“Gangsta Gardening” and the Global Response to Climate Change

The Ron Finley Project is a small Los Angeles-based nonprofit started by a man who dreamt of bringing community-based farming to his neighborhood. By simply converting unused land by highways into farmable soil, Ron Finley created an urban farm. Urban farms are the product of converting unused land in an urban environment into farmland by planting and cultivating crops. 

Ron Finley called this “Gangsta Gardening.” However, this technique established a presence long before Finley first began introducing it to Los Angeles. Havana, Cuba created one of the most successful urban farming systems in the world. 

With the collapse of the Soviet Union, Cuba faced its worst economic crisis. In the early 1990s, Cuba was left without the industrialized farming machinery and production methods they had previously relied on. Due to this new scarcity of inputs and sanctions along with worsening food insecurity, Cuba underwent a nationwide shift to an urban and local farming approach. From 1994 to 1999, this shift to urban farming led to a threefold decrease in produce price.

Although these two examples come from radically different time periods, circumstances and origins, they are both key indicators of the potential power of urban farming. This power can go even further, as urban farming can play a critical role in the global response to two of the most pressing issues today: climate change and food insecurity. 

Climate change and food insecurity both disproportionately impact global cities and urban environments. In cities around the globe, the accelerating rate of climate change will threaten the national food supply for 2.5 billion people. This is a massive crisis that will take the harshest toll on low-income people in cities around the world. Urban agriculture is uniquely positioned to address these challenges simultaneously and provide a unique, community-based step toward tangible progress.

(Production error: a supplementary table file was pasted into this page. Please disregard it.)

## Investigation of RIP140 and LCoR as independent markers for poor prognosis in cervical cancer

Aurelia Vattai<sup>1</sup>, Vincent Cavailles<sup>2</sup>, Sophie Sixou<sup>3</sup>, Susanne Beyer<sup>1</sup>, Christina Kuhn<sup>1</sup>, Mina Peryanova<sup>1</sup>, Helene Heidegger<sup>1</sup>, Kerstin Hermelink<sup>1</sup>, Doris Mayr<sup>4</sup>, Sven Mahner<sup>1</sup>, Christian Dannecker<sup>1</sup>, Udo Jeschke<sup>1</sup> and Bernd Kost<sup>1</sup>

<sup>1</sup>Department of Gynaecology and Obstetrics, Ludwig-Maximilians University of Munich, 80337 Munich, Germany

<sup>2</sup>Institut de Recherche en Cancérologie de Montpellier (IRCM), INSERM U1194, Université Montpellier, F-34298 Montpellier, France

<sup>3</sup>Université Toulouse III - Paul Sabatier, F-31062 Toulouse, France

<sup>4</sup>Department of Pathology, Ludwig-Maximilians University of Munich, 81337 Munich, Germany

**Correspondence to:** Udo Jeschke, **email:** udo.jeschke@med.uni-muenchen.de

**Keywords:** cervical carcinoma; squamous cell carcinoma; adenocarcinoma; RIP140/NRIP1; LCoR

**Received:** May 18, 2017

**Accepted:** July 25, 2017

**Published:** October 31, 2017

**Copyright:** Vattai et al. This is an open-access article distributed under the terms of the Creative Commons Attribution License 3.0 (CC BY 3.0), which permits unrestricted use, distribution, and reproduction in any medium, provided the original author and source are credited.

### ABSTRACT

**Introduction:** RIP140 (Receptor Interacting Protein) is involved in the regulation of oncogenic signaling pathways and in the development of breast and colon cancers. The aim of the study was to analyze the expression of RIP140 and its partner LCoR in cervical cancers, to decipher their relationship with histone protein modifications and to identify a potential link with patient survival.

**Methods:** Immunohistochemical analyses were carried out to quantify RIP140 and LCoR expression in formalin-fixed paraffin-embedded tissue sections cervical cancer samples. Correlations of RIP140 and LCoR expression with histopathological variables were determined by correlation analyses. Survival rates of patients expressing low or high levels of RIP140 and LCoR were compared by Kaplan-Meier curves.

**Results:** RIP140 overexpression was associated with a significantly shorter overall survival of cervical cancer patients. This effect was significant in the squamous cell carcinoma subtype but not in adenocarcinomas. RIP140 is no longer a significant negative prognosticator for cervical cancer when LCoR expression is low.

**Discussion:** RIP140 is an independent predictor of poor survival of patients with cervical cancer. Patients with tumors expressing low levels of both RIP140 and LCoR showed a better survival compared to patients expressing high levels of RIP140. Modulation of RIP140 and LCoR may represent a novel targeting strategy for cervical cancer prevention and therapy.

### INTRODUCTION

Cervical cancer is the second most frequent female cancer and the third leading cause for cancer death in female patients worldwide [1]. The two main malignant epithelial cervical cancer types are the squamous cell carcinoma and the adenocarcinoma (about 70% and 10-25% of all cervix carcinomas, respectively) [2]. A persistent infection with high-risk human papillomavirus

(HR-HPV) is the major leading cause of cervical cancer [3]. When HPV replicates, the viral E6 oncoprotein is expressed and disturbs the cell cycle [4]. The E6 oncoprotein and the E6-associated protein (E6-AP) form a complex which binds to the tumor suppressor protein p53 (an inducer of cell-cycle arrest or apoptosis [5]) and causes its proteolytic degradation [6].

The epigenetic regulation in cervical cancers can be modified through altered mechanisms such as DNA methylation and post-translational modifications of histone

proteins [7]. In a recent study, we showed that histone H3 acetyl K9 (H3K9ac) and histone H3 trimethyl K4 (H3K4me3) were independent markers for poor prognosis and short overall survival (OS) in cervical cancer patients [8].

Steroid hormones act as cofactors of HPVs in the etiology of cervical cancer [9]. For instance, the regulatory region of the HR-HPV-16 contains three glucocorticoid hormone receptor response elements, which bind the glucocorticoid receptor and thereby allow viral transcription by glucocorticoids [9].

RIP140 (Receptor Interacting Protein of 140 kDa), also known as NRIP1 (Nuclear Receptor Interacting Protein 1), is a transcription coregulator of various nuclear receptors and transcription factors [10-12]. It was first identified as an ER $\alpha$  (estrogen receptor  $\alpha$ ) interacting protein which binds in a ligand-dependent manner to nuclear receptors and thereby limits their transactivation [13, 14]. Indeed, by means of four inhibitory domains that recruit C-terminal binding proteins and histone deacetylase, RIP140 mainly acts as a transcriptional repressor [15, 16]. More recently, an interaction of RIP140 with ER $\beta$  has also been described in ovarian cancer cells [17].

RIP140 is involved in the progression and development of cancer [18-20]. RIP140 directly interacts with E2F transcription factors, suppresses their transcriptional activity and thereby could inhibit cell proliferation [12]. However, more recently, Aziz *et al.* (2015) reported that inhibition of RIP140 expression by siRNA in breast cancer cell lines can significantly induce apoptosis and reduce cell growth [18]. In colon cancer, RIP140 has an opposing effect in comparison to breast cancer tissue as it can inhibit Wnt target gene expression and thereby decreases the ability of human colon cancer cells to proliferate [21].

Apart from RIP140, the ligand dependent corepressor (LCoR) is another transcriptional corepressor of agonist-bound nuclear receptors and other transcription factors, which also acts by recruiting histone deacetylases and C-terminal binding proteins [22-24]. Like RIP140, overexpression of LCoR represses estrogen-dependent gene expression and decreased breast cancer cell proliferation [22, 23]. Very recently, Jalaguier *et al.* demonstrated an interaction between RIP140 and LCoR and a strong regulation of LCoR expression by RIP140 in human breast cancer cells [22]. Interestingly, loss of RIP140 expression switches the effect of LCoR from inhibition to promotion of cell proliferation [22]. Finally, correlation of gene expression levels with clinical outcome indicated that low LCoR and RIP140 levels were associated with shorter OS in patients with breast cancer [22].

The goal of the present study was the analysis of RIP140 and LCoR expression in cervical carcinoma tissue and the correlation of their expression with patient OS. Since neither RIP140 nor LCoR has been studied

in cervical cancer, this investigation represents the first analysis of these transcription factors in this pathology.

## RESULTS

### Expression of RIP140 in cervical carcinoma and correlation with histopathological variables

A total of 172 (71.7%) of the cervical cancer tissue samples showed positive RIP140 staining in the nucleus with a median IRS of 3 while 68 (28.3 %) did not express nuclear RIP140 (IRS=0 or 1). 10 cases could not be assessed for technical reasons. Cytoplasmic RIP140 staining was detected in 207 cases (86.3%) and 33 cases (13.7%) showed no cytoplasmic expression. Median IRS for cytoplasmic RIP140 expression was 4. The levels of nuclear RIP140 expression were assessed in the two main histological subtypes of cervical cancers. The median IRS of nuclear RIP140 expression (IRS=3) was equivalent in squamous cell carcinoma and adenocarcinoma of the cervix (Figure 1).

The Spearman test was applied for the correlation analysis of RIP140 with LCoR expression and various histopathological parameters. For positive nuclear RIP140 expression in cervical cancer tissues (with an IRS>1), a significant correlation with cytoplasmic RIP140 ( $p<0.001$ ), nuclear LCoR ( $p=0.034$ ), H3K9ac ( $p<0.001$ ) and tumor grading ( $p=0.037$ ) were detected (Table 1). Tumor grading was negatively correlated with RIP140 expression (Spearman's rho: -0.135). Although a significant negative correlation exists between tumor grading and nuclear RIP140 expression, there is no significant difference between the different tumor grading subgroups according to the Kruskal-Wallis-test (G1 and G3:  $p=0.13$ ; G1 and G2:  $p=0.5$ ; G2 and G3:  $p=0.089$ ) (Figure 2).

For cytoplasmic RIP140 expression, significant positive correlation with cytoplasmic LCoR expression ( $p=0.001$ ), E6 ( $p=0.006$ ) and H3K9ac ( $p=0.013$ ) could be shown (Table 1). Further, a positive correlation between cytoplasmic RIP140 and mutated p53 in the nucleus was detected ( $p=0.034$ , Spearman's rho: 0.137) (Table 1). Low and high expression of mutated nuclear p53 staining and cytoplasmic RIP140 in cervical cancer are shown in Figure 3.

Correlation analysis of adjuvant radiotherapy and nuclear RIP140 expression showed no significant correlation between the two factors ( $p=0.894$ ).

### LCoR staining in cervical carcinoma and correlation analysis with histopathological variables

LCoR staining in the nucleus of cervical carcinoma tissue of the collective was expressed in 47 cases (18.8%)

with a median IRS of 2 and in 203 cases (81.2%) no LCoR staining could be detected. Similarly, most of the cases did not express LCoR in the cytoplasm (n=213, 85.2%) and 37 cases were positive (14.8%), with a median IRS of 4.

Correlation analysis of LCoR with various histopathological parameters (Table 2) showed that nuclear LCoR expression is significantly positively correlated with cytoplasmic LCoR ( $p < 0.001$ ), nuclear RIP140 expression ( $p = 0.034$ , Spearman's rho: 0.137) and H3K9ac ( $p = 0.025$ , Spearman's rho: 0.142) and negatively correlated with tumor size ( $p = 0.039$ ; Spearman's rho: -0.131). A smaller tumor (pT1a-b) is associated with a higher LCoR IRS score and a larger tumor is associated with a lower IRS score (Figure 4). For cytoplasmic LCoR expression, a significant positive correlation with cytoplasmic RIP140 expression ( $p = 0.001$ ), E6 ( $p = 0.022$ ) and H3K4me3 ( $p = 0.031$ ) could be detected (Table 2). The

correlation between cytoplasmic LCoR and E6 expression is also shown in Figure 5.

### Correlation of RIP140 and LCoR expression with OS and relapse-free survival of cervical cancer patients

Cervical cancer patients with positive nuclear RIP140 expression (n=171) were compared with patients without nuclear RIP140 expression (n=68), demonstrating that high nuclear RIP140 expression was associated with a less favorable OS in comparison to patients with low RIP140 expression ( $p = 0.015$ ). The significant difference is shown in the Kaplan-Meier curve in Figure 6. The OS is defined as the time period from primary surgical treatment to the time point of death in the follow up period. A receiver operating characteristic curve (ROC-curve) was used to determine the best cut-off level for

Cities around the world are rife with vacant lots and unused land by highways, buildings, etc. This unused land can be inexpensively converted into farmland by simply providing the resources and information to create community-based urban farms. 

This simple act has the potential to make a huge difference. Cities are responsible for approximately 75% of global greenhouse gas emissions. Plants act as a natural carbon filtration system by converting carbon dioxide through photosynthesis, yet plants and green space are precisely what cities lack. Urban farms dramatically increase the amount of green space in cities, thereby offsetting some of this carbon dioxide emission. 

This increase in green space even has aesthetic benefits that improve mental health in the community. Researchers from the ​​University of Aarhus in Denmark found that a lack of greenspace in childhood exposes citizens to “as much as a 55 percent increased risk of developing psychiatric disorders such as depression, anxiety, and substance abuse in later years.”

Urban farming centers the population in these areas at the forefront of the solution. The process requires community involvement to plant the crops, care for the crops and reap the harvests. Community-driven solutions are critical because they motivate people to take action in their own communities, be responsible for progress and see the results directly.

Food security is directly tied to economic stability. Studying urban farms in Accra, Bangalore, Lima and Nairobi revealed that urban farming provided a critical source of economic stability to particularly vulnerable households where the head of the household is older or less educated. This phenomenon is especially common for households where the head is a woman because they are often provided less access to education than men.